Based in London; Formerly of New York, Buenos Aires, Fife, and the Western Cape. Saoránach d'Éirinn.
A writer, blogger, historian, and web designer born in New York, educated in Argentina, Scotland, and South Africa, and now based in London. read more

The Namibian Way of Reconciliation

Accepting differences, not erasing them, is the path to civic harmony

DISCORDIA GERANT ALII, tu felix Namibia reconciliant! Peace and reconciliation are amongst the noblest of earthly aims, but the deluded establishment that rules most of what used to be called the Western world often seem convinced that peace among peoples can only be achieved by erasing the differences between them. Yet it is precisely those differences — the unique characteristics of tribe, clan, and platoon that separate us from some and unite us with others — that make us who we are: human beings, created by God in time and place and circumstance. Without them, we are rootless citizens of nowhere, easily abused and manipulated by the powerful. (How flimsy is even the thickest oak when its roots have been severed). It is the acknowledgement of differences, rather than the erasing of them, that leads to true respect and understanding between and among peoples. While the racial grievance industry thrives in America and Europe, an entirely different attitude exists in happy Namibia.

A case in point: the events surrounding the German quashing of the Herero uprising in German South-West Africa (now Namibia) in 1904–1907 are often considered the first instance of genocide in the twentieth century. While the circumstances were greatly exaggerated for British propaganda purposes during the Great War, the historical evidence suggests the Germans were responsible (directly and indirectly) for the slaughter and deaths of many more native Herero and Namaqua tribesmen than can possibly be justified by the colonial authority’s responsibility for keeping order in the land.

One hero of the rebellion’s suppression was German officer Victor Franke, who defeated a Herero force vastly superior in numbers at Omaruru in 1904. Four years later, out of respect and admiration for the man, a round stone tower was erected at Omaruru and dedicated to Franke. In 2008, the Franke Tower was restored and rededicated with great solemnity. The old Schwarz-Weiß-Rot flag of the German Empire and the blue-red-green of Namibia flew side-by-side for a ceremony in which Namibians both of the German tribe and of the Herero tribe came together in a spirit of mutual respect and reconciliation.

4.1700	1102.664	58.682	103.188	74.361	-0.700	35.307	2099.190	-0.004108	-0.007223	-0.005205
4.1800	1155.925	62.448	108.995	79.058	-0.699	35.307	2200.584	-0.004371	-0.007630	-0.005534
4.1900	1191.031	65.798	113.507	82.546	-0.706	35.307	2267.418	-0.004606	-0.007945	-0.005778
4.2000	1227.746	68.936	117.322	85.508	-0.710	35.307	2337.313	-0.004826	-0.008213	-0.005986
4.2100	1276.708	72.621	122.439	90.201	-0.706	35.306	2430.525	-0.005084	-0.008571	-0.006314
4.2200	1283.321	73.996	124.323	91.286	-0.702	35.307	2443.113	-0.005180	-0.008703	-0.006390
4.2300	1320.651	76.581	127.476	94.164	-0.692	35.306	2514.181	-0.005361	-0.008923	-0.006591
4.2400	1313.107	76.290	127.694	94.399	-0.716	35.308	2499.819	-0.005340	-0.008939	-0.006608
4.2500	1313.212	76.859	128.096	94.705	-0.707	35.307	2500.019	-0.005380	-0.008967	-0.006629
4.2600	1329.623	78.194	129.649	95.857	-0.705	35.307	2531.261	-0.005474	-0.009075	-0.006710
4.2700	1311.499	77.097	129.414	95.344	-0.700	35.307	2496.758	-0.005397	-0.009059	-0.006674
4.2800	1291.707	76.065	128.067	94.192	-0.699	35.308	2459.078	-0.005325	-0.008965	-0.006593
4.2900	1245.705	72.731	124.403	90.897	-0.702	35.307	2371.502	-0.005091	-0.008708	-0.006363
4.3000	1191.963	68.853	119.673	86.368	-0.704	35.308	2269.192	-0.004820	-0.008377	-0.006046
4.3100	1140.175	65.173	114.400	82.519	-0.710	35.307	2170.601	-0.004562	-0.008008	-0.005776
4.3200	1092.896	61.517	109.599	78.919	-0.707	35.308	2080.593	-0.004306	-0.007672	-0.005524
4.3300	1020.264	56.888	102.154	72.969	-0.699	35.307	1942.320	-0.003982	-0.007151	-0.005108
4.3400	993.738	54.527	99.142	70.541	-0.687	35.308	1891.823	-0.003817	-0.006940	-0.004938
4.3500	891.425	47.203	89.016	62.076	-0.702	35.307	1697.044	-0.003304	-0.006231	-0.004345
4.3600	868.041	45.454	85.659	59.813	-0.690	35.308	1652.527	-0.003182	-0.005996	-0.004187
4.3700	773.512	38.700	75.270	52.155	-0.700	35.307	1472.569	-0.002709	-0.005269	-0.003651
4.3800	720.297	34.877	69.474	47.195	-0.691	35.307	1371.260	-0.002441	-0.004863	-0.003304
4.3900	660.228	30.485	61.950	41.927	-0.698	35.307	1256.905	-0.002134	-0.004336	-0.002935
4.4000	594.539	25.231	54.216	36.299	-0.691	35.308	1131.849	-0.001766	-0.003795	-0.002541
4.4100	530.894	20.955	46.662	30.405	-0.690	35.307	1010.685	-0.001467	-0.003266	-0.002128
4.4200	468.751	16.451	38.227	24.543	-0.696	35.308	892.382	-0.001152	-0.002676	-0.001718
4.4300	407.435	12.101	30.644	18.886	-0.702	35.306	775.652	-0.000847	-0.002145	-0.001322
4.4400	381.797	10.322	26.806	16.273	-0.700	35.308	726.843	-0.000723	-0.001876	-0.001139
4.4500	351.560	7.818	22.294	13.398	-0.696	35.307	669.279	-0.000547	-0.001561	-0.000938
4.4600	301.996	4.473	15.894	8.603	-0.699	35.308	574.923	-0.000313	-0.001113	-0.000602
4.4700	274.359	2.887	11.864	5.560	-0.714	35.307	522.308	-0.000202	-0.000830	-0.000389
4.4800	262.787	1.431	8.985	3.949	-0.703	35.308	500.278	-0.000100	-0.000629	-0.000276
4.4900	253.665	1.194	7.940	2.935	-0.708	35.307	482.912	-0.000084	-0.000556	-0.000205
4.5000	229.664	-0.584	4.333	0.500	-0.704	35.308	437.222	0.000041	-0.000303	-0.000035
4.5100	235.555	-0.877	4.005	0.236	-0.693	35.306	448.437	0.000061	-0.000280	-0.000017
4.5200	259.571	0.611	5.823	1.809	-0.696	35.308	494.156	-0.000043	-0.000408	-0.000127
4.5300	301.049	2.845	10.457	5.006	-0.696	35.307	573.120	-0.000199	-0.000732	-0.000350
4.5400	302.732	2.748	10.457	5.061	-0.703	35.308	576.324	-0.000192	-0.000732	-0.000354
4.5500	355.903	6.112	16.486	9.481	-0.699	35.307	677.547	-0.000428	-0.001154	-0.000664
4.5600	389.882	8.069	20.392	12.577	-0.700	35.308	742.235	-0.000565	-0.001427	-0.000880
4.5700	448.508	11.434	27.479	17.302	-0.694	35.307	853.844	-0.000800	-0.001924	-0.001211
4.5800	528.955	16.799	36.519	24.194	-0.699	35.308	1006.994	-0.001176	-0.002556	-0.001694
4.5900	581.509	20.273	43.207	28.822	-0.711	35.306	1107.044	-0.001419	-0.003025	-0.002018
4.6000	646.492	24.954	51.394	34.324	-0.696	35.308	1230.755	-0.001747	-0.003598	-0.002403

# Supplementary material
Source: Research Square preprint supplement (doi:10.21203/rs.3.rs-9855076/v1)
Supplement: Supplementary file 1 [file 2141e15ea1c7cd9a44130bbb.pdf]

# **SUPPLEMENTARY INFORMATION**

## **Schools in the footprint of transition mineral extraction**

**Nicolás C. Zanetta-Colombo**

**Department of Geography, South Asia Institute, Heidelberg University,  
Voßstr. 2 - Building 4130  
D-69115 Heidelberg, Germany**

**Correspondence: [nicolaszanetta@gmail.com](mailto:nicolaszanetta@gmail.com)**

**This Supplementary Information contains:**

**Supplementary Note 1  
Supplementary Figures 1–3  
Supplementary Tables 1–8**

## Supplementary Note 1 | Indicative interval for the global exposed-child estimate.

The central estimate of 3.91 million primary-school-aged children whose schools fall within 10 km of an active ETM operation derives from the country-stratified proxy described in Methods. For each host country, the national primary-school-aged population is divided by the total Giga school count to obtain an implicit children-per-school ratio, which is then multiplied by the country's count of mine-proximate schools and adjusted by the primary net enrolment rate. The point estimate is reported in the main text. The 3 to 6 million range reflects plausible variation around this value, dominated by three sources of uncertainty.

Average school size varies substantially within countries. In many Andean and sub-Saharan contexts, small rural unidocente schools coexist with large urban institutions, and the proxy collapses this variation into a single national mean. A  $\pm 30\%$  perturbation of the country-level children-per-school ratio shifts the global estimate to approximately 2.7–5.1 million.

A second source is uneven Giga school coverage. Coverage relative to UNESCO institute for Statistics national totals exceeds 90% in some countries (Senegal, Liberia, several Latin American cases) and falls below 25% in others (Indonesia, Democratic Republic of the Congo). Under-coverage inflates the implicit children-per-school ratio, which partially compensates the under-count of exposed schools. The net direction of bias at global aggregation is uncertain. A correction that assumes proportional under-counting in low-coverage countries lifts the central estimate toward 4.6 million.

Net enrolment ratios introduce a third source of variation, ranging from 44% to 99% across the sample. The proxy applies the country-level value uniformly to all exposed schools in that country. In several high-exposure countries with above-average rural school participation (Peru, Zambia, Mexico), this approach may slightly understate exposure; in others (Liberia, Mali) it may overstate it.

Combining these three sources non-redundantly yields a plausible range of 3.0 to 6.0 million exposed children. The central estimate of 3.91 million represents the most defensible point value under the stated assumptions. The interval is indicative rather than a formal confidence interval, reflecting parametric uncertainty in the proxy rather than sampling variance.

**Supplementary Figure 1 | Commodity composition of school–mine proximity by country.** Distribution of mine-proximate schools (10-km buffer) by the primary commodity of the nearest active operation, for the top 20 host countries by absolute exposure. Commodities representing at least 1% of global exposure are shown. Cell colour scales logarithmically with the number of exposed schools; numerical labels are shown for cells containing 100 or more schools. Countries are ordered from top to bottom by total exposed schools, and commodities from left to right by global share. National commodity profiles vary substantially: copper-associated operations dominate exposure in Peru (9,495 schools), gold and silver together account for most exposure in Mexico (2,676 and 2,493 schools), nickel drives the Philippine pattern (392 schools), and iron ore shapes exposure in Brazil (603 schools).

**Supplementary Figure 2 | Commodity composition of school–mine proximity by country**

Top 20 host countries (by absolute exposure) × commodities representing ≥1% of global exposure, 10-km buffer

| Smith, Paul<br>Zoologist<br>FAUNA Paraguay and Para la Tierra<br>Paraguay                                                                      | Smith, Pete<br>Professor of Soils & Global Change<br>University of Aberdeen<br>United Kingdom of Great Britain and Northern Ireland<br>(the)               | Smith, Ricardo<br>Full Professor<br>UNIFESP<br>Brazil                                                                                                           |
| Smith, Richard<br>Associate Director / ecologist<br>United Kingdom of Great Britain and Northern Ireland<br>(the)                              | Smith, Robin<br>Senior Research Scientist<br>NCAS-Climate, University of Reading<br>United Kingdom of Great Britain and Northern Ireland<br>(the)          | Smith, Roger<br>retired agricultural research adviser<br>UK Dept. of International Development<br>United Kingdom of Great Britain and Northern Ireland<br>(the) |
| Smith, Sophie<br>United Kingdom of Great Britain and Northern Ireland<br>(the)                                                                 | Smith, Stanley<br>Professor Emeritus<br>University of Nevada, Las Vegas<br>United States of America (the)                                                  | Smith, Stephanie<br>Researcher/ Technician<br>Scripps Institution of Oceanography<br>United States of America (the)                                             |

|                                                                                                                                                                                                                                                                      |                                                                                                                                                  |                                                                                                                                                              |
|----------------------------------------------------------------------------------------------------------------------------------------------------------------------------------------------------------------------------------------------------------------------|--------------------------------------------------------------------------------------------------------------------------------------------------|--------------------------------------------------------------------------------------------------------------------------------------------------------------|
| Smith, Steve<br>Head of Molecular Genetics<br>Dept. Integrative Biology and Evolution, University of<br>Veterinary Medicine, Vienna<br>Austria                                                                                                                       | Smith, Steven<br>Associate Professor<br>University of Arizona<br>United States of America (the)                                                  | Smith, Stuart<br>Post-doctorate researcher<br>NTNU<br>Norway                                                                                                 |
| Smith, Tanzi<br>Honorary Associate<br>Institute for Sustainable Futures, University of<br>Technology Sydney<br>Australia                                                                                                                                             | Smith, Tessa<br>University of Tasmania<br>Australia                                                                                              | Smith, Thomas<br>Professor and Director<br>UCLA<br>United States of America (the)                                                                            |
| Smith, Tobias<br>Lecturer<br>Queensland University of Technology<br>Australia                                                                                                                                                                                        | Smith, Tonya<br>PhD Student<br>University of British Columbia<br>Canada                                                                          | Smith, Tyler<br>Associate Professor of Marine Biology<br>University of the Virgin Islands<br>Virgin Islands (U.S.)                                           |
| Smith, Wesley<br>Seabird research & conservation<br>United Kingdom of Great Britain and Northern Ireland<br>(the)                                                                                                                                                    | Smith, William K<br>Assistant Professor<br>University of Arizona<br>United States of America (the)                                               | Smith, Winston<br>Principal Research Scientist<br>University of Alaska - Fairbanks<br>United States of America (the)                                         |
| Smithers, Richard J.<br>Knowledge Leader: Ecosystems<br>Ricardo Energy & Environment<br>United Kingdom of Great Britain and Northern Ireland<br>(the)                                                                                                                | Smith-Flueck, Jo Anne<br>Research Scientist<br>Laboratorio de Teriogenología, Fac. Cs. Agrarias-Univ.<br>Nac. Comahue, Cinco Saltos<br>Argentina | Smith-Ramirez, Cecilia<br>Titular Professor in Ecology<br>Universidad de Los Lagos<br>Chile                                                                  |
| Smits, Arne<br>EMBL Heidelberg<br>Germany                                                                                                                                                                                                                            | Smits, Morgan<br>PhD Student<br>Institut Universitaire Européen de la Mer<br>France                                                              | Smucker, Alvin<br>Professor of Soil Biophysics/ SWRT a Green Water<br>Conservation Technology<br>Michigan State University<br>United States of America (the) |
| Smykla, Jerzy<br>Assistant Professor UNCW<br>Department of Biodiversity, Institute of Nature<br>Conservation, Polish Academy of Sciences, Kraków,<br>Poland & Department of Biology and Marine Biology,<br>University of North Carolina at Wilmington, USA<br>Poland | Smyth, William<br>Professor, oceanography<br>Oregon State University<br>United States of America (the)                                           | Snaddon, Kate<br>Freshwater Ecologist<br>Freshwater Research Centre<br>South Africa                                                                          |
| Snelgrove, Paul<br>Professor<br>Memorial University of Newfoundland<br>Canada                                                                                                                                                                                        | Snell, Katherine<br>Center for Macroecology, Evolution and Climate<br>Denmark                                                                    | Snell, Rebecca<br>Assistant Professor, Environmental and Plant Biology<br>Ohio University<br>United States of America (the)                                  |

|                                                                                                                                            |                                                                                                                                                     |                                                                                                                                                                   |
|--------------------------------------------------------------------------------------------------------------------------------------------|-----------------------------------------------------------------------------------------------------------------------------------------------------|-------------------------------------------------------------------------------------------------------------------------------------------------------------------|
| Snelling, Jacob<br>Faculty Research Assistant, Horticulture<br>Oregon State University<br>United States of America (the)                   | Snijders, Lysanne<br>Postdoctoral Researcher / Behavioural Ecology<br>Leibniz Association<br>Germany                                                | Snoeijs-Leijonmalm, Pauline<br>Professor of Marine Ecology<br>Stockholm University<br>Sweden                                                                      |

“The 88-year-old Irma Stenger, daughter of a former Schutztruppe sits peaceably alongside her friend, the wife of a Herero chief,” reports the Allgemeine Zeitung, Namibia’s eldest daily. “Nothing seems to stand between them, and together they sit in the sun.”

The mayor of Omaruru, a Herero himself, rises to say a few words, and stakes claim to the stately monument for Namibians of every tribe: “The Franke Tower is a heritage of all Namibians. A landmark for the whole country.”

“That was a good speech,” the elder German says. “We should all live in peace.”

“The children of German and Herero have to come together,” agrees the chief’s wife, dressed in the quasi-Victorian garb of Herero tradition. “The time of the war is over.”

A similar ceremony takes place every year at the German Navy Memorial in sunny Swakopmund on the Atlantic coast. The Governor of Erongo (above) attends and thanks the Traditionsverband for organising this commemoration in which the living show their respect for the dead. Tribe addressing tribe as friends, neighbours, fellow countrymen — as real people, not as make-believe “citizens of the world”.

Though sparsely populated, Namibia is a land of many peoples: Ovambo, Kavango, Herero, Damara, Coloured, Baster, German, Afrikaner, Portuguese, Nama, and so on and so forth. And, while it’s as beautiful as a paradise, Namibia is no utopia — like any other land it has its fair share of problems and struggles. But, trite as it may sound, Namibia is a free country where different peoples have managed to come to some type of respectful accord with each other while maintain the peculiarities of their difference.

My old Latin teacher in high school suggested the existence of an international conspiracy of “monotony monitors” who patrol the world ensuring that anything interesting, peculiar, or just plain different would eventually be levelled and destroyed. Wouldn’t it be a shame if we, the vive la différence crowd, surrendered the noble task of peace and reconciliation to the monotony monitors? If we don’t strive to enjoy the peace of peculiarity, we will be guaranteed suffer the peace of banality.

This post was published on Sunday, March 13th, 2011 9:04 pm. It has been categorised under Flags Germany and been tagged under , , .
14 Mar 2011 3:19 pm

“…the chief’s wife, dressed in the quasi-Victorian garb of Herero tradition…” Now that fascinates me, I wish you had a picture of it!

valeria kondratiev
23 Mar 2011 8:53 pm

Wonderful article, and I think the people of Namibia are very wise. We can never ask people to get rid of their different characteristics without making them characterless nobodies. I’m reminded of my first reaction to John Lennon’s utopia “Imagine” in which all will get along as one because they will have nothing that could divide them. My reaction was imagining what a boring aimless, rootless bunch we would be reduced to. How empty life would be with no religion, no countries, etc..

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